Final Report of IMS Test Case 7

GNOSIS: Knowledge Systematization: Configuration Systems for Design and Manufacturing


The GNOSIS test case was remarkable for the high degree of involvement and commitment on the part of all partners, and for the few problems in its operation. This section documents the main problems that arose and how they were resolved.

6.1 Slow Startup

Problems were caused by the slow startup due to funding delays, limited resources, and short timescale of the project. The solution was to focus the working groups on a small number of tasks critical to the objectives of GNOSIS and representative of the central activities expected in a long-term program. This was achieved successfully, itself a major indicator of the degree of collaboration in GNOSIS since many partners had to forego major individual objectives in the interest of the best use of resources to achieve the objectives of GNOSIS as a whole. Another consequence was that less researcher exchange took place than had been planned. Fortunately, many partners have extensive experience of personnel exchange and expect no problems in the long-term GNOSIS program.

6.2 Work Package Planning

Due to the short time scale, problems occurred in the planning phases when the time needed to introduce partners, their interests and capabilities limited the time available for detailed task allocation decisions. The solution in one case was to hold another meeting, but in others the situation was retrieved by partners acting flexibly and cooperatively to focus the meeting. This has been a major strength of GNOSIS, that the management structure has been open enough for such initiatives to occur, and that individual partners have been prepared to take up tasks supportive of the project as a whole. Similar solutions have been found in situations where important subtasks have proved impossible to carry out within the project time constraints. In the majority of cases partners have achieved the same objectives using alternative means. This flexibility indicates the robustness, and goal direction, possible in an international consortium with many diverse interests and responsibilities.

6.3 Terminology

The wide spectrum of industrial and research partners meant a number of alternative descriptive frameworks were represented. The associated heterogeneity of terminology and tools caused problems, which were addressed in two ways. First, mutual understanding was facilitated through exchange of papers and discussions at workshops. Second, common definitions of significant terms were agreed and used. In future, therefore, time should be allocated in the initial phase for this task.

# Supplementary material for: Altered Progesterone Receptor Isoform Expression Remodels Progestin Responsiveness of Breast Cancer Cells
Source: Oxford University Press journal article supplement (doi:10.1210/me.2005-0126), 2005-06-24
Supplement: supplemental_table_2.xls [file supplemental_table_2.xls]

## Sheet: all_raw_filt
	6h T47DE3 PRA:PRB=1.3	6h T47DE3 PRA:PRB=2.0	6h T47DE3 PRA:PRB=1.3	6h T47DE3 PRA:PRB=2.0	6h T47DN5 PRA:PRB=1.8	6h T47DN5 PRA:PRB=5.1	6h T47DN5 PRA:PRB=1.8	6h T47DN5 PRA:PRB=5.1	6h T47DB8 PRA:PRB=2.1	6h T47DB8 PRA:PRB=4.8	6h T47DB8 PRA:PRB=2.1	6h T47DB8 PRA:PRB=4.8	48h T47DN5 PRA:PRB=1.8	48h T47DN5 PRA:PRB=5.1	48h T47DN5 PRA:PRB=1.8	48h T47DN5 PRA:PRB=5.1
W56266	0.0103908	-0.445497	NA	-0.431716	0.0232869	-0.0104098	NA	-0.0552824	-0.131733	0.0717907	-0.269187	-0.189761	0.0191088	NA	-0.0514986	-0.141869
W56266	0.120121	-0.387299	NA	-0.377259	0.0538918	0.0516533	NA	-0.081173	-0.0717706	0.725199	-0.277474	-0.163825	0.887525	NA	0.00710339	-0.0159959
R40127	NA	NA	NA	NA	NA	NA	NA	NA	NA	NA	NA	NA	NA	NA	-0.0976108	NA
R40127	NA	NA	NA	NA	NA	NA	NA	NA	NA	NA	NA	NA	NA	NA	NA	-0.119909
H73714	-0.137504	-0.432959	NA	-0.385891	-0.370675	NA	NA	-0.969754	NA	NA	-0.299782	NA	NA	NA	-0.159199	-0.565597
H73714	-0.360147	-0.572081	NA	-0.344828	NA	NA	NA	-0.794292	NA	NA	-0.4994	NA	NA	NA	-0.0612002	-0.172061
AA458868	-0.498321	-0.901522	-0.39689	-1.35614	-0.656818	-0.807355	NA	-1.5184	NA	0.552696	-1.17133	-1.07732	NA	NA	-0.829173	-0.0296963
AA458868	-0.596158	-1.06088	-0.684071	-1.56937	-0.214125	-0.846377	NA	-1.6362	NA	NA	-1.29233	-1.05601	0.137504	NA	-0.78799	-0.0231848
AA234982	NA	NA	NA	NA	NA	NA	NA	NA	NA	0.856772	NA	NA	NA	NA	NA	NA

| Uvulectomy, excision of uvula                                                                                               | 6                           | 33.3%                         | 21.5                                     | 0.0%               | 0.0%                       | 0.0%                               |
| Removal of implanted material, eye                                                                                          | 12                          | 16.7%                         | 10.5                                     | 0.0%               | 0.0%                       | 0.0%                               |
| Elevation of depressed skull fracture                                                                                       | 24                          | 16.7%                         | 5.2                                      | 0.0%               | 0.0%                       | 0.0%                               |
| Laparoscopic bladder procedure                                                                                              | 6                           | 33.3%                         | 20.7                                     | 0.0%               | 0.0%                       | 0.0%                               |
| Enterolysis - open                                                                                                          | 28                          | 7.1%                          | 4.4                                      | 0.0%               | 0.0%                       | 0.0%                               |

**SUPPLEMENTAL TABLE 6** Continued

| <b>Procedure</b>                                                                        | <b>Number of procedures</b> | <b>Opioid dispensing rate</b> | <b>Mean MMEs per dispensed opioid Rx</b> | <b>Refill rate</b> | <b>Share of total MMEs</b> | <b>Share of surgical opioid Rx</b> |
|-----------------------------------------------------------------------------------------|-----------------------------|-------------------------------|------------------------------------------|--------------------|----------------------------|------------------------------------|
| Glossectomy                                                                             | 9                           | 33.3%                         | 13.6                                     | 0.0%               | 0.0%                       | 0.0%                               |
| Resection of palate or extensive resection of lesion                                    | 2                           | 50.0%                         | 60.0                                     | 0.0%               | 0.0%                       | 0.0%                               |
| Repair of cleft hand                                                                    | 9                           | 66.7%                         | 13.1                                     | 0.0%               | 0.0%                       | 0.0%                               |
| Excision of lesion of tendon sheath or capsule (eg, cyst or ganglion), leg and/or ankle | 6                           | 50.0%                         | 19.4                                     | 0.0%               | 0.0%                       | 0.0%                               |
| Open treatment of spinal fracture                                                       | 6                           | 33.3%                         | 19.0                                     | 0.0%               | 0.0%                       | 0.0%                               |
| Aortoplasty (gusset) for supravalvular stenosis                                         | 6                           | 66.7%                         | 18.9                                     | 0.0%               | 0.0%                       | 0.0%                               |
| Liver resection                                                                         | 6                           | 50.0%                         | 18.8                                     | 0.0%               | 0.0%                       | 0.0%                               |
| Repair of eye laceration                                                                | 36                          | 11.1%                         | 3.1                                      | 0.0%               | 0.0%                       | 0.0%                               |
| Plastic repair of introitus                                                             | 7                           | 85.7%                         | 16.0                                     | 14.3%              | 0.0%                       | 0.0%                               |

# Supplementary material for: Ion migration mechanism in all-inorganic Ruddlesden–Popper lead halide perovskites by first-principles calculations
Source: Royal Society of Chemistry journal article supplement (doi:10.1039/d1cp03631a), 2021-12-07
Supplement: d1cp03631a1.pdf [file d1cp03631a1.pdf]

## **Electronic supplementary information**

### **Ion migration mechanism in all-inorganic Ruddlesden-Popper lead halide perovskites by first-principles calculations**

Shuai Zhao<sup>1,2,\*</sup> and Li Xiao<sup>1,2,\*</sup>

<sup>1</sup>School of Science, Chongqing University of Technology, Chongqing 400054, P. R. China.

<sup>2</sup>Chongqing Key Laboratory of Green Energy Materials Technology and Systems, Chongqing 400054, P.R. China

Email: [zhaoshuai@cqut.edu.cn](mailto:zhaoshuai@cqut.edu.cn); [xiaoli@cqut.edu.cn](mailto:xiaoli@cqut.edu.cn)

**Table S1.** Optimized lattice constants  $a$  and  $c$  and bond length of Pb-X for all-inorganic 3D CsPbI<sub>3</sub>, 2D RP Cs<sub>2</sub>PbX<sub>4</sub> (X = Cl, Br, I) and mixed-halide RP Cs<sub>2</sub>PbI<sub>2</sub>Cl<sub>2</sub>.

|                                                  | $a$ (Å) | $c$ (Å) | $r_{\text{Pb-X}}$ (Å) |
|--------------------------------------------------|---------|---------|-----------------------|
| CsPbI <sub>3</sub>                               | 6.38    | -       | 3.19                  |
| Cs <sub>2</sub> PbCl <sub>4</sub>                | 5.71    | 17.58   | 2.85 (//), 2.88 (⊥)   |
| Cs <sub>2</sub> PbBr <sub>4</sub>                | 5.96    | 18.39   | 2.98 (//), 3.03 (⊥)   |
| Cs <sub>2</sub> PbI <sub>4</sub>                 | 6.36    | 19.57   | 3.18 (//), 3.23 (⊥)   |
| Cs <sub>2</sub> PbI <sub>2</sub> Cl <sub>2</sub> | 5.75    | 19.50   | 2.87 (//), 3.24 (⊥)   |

6.4 Communications

Problems of communication were the source of much frustration among partners. Since eight partners did not have email it was necessary to distribute much material by fax. The distribution mechanism was to fax to the five regional coordinators who then faxed to partners in their regions. This occasionally resulted in missing material. The solutions were to fax to specific partners as well as coordinators, to use email in parallel, and to ask partners with email to contact other partners in their region when a matter was urgent. What could not be solved was the problem of partners with a coordinating role but without email which led to less effective attainment of objectives. From the GNOSIS self-evaluation questionnaire (Appendix A) it appears there is a consensus that in future programs all partners must have email and be able to access a central electronic document archive. The resultant volume of material, however, requires a filtering mechanism.

6.5 Document Dissemination

Major problems of electronic document exchange and collaborative editing have become prominent as GNOSIS moved into the documentation phase. Partners use widely different document processing technology and it was initially not easy to exchange documents and to consolidate different contributions into overall GNOSIS reports. A solution that minimizes the workload of individual partners, and tools that enable documents in one format to be converted to others have been obtained. All of the work package coordinators and most of the partners are now able to transport documents with full typography and diagrams in electronic form either through email or on disk. In a future program it might be appropriate for all partners to use a common document processor available on multiple platforms.
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